We mere mortals may have more in common with history’s unknown shoemakers and privates. But to understand our history, it is more often necessary to look up to the heights occupied by the most visible human beings—those whose thoughts, words, and actions have had the most far-reaching effects.
The recent defeat of a pro-life constitutional amendment in Kansas was not a consequence of strategic overreach, nor was it a rebuke of Dobbs. In fact, it followed from the difficulty of communicating complex legal and political principles, as well as navigating the fear and distortion generated by abortion advocates and their media allies. To help secure a pro-life future, we must learn the correct lessons of the Kansas loss, including the need to harness the emotional power of truthful narrative to shape political choices.
Traditional conservatives and others committed to the principles of limited government have nothing to fear from natural law-based accounts of the political common good. In fact, natural law accounts offer the strongest principled basis for defending liberty and limited government by showing how such values are themselves core aspects of the common good.
In her new book, Ilana M. Horwitz shows how public schools are both more formative and more limited than is often assumed. While they serve an important role in the academic and social formation of students, schools stand as just one institution among many in contributing to student outcomes. As we emerge from the significant educational disruptions occasioned by the COVID pandemic, Horwitz’s research suggests that we must work toward rebuilding schools and other institutions alike.
Conservatives have recently set aside their natural wariness of government intervention to propose new “pro-family” welfare programs, such as Senator Romney’s Family Security Act. In post-Roe America, the search for ways to support families is more pressing than ever. The problem is that there is very little evidence that these types of policies work.
The Fed has overestimated its power to manage the economy, and hubris is a dangerous thing in monetary policy. Starting in March 2020, the Fed increased the money supply significantly and the inevitable result was inflation. Unfortunately, the Fed continues to believe in its ability to fine-tune the economy.
The only way that we can really meaningfully grapple with the Supreme Court's legitimacy is to ask: what was it actually built to do? Roe was wrong. It had become the political equivalent of a black hole, totally devoid of substance, but with such immense gravity that it distorts everything around it. Abortion, of course, isn’t going away as a political issue. The difference now will be that instead of having debates about Roe, we’ll debate about abortion.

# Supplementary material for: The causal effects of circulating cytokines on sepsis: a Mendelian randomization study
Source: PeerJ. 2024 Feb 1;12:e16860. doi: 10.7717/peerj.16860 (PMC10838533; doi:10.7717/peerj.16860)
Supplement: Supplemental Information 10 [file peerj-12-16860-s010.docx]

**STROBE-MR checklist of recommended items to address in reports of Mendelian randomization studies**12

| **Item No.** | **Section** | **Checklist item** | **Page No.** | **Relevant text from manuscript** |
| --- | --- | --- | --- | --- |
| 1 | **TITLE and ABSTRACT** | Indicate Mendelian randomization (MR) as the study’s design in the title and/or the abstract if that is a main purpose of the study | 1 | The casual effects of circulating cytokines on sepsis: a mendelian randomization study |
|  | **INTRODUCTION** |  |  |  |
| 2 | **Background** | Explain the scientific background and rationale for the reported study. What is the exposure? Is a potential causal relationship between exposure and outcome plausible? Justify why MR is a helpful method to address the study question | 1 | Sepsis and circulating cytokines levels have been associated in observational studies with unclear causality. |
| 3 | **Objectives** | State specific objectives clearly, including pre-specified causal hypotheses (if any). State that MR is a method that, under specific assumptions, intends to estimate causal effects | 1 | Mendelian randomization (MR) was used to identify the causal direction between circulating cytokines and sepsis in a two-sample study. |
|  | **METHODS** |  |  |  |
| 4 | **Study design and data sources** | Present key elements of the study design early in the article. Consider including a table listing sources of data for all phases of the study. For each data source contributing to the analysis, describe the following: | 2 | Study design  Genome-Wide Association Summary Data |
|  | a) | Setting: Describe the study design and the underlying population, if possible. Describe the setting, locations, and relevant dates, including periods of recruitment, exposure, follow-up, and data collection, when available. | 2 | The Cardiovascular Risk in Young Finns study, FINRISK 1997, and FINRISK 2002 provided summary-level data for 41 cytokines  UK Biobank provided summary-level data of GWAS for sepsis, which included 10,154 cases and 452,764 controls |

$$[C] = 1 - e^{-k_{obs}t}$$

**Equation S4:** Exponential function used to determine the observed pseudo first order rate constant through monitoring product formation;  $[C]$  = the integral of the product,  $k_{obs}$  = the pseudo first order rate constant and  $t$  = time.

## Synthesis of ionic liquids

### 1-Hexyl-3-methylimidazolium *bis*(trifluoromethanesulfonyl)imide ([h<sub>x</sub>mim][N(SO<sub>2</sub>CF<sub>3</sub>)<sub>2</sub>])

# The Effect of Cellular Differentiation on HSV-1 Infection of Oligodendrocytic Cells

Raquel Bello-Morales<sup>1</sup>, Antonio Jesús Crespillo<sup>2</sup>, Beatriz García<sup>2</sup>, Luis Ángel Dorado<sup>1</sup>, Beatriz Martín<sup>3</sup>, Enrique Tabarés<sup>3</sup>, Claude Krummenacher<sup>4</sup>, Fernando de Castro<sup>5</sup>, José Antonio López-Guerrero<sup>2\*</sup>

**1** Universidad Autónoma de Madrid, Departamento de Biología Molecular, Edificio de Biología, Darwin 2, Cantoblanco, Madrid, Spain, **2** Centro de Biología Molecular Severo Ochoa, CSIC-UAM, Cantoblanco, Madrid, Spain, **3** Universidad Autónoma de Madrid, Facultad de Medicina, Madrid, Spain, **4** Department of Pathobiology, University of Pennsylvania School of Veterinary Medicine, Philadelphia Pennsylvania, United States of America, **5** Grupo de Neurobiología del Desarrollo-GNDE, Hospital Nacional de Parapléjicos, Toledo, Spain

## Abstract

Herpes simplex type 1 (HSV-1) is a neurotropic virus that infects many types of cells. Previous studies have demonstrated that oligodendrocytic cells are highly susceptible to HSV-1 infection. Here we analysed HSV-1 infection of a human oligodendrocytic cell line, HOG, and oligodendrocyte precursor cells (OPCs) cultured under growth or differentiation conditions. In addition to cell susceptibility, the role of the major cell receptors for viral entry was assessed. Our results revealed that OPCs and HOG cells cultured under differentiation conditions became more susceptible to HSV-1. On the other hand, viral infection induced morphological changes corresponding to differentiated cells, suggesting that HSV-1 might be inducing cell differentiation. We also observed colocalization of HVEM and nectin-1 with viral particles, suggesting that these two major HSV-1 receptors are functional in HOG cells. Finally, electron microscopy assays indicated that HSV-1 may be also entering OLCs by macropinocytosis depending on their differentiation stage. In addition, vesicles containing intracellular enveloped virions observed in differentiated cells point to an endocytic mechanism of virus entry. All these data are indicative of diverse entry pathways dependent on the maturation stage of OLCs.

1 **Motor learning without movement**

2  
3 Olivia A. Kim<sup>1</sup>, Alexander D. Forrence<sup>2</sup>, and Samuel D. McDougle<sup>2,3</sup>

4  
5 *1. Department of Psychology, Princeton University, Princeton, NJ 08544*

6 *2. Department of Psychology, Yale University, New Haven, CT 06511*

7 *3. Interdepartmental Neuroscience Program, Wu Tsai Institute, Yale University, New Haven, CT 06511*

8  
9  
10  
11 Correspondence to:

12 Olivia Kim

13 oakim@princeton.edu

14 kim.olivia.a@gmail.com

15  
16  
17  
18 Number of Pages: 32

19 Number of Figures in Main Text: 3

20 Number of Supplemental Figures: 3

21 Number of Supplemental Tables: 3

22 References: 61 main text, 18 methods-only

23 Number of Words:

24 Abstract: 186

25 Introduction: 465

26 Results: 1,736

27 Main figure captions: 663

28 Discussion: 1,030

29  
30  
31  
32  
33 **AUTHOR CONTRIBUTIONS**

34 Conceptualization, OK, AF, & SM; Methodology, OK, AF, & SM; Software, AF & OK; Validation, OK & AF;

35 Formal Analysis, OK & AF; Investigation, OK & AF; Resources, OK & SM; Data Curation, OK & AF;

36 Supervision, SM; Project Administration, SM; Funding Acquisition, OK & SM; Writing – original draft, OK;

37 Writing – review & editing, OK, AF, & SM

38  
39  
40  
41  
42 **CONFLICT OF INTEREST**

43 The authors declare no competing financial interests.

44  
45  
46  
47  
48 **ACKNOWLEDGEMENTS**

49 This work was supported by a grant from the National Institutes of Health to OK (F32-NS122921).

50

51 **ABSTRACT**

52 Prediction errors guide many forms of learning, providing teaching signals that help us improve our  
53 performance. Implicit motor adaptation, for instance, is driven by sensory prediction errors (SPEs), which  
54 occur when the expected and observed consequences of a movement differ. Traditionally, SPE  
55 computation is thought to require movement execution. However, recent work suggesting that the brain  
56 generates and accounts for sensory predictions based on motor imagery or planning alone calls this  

Harry Jaffa and Allan Bloom represent two ways of understanding the political philosophy of Leo Strauss, particularly in relation to the concept of classical natural right. The creative tension between Jaffa and Bloom, as well as their respective students, has produced some of the finest scholarship of the last half century or more.
In The Statesman as Thinker, Mahoney seeks to restore principled statesmanship through portraits of six figures who combined political authority with uncommon reflection: Edmund Burke, Alexis de Tocqueville, Abraham Lincoln, Winston Churchill, Charles de Gaulle, and Václav Havel.
Augustine’s message about the two cities in City of God has important implications for Christian political engagement today. By resisting a facile sorting of the good from the bad, he reminds his Christian readers that their own transformation is far from complete and so helps them work for earthly peace in a spirit of humility.
While the United States and EU inflation rates are similar, America's inflation is fundamentally different. It is less painful in the short run but more difficult to manage in the long. To curb inflation—and especially inflation expectations—FED Chairman Jerome Powell must act, and quickly.
As conservatives become more interested in family policy, they should avoid two extremes: rebutting any use of government, on the one hand, and on the other hand, assuming that trillions can be spent without negative repercussions. A social insurance model like the Family Security Act 2.0 strikes this balance: it provides modest but worthwhile support and preserves families’ authority to determine their own work-life balance.